Should Designers be Outlaws?
Santiago Cirugeda is the founder and principal of Recetas Urbanas (Urban Recipes), a design & advocacy collective of architects, lawyers and social workers based in Seville, Spain. Recetas Urbanas was founded in 2004 to promote the well-being of city residents against a bureaucratic framework that favored investment and development over community life. The group’s activities include building cheap ‘condos’ on rooftops, attaching micro-apartments to scaffolding or placing them on stilts in alleyways, and disassembling buildings slated for demolition and reassembling them into arts centers.
However, Cirugeda began his practice while still a student in 1997, examining how & why the formal structure of the city – zoning ordinances and building codes – seemed constructed in such a way to enhance and promote investment opportunities in the city while simultaneously leaving most middle-income and lower-income residents displaced or without the amenities necessary to create neighborhoods.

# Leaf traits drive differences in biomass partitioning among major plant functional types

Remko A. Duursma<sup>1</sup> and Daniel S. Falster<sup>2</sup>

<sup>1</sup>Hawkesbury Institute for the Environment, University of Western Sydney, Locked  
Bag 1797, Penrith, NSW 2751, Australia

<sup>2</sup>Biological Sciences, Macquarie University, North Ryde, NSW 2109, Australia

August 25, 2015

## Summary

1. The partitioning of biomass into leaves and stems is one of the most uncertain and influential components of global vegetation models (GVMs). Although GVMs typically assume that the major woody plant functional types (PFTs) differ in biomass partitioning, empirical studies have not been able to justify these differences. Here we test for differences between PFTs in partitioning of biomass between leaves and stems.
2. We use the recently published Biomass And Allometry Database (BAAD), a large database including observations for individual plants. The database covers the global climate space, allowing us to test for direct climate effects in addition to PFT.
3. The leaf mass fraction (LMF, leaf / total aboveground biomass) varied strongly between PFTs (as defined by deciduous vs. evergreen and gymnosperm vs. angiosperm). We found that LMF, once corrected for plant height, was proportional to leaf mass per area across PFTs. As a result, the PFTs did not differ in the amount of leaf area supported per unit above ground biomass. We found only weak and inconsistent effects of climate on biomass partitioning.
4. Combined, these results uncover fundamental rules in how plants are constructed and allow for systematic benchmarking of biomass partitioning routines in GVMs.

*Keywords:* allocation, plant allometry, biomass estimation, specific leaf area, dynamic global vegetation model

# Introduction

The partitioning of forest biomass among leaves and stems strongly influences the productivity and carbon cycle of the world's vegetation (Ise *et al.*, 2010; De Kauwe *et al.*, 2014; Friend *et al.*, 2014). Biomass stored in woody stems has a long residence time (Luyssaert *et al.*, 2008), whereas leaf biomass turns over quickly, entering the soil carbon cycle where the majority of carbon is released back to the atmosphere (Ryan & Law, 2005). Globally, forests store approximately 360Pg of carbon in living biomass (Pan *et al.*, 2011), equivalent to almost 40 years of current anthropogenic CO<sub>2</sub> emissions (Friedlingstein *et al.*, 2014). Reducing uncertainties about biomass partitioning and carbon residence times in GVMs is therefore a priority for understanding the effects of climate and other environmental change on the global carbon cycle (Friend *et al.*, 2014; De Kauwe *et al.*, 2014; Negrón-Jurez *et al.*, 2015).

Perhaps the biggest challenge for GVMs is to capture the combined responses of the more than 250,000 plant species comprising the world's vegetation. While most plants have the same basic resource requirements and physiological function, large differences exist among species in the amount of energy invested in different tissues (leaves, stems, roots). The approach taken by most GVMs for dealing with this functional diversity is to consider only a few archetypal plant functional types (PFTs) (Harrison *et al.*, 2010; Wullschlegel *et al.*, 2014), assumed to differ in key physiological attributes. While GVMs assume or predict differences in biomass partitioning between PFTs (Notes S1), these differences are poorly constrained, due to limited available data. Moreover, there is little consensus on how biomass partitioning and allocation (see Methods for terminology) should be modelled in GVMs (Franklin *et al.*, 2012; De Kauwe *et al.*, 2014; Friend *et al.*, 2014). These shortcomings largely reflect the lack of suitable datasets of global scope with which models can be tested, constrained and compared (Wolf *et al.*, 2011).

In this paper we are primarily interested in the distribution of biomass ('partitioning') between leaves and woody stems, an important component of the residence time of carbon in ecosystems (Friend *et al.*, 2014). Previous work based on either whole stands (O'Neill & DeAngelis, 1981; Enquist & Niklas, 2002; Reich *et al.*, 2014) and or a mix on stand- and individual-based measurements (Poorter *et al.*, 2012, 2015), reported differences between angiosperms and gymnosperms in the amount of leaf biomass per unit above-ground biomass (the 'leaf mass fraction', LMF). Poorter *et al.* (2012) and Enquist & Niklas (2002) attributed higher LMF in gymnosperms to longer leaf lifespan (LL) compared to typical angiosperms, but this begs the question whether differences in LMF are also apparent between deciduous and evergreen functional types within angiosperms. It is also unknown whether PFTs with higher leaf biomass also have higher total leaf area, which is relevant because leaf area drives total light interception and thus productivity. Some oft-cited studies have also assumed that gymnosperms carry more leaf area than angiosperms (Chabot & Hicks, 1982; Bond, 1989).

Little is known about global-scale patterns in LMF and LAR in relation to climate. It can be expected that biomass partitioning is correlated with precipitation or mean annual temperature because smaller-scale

The projects of Recetas Urbanas exploit loopholes in civic law to create community gathering space, playgrounds, and other civic amenities which the city is unwilling or unable to provide. Through this work, Recetas Urbanas adds a secondary layer of provocation: by providing these amenities through novel means, the group calls attention to the absence of such amenities, as well as to the fact that subversion is necessary to achieve them.
Most recently, Recetas Urbanas has confronted the effects of the mortgage and dispossession crisis in Spain. Through its current work, Recetas Urbanas also works with Arquitectura Colectiva, an international association of about 80 collectives of artists, architects, and hackers.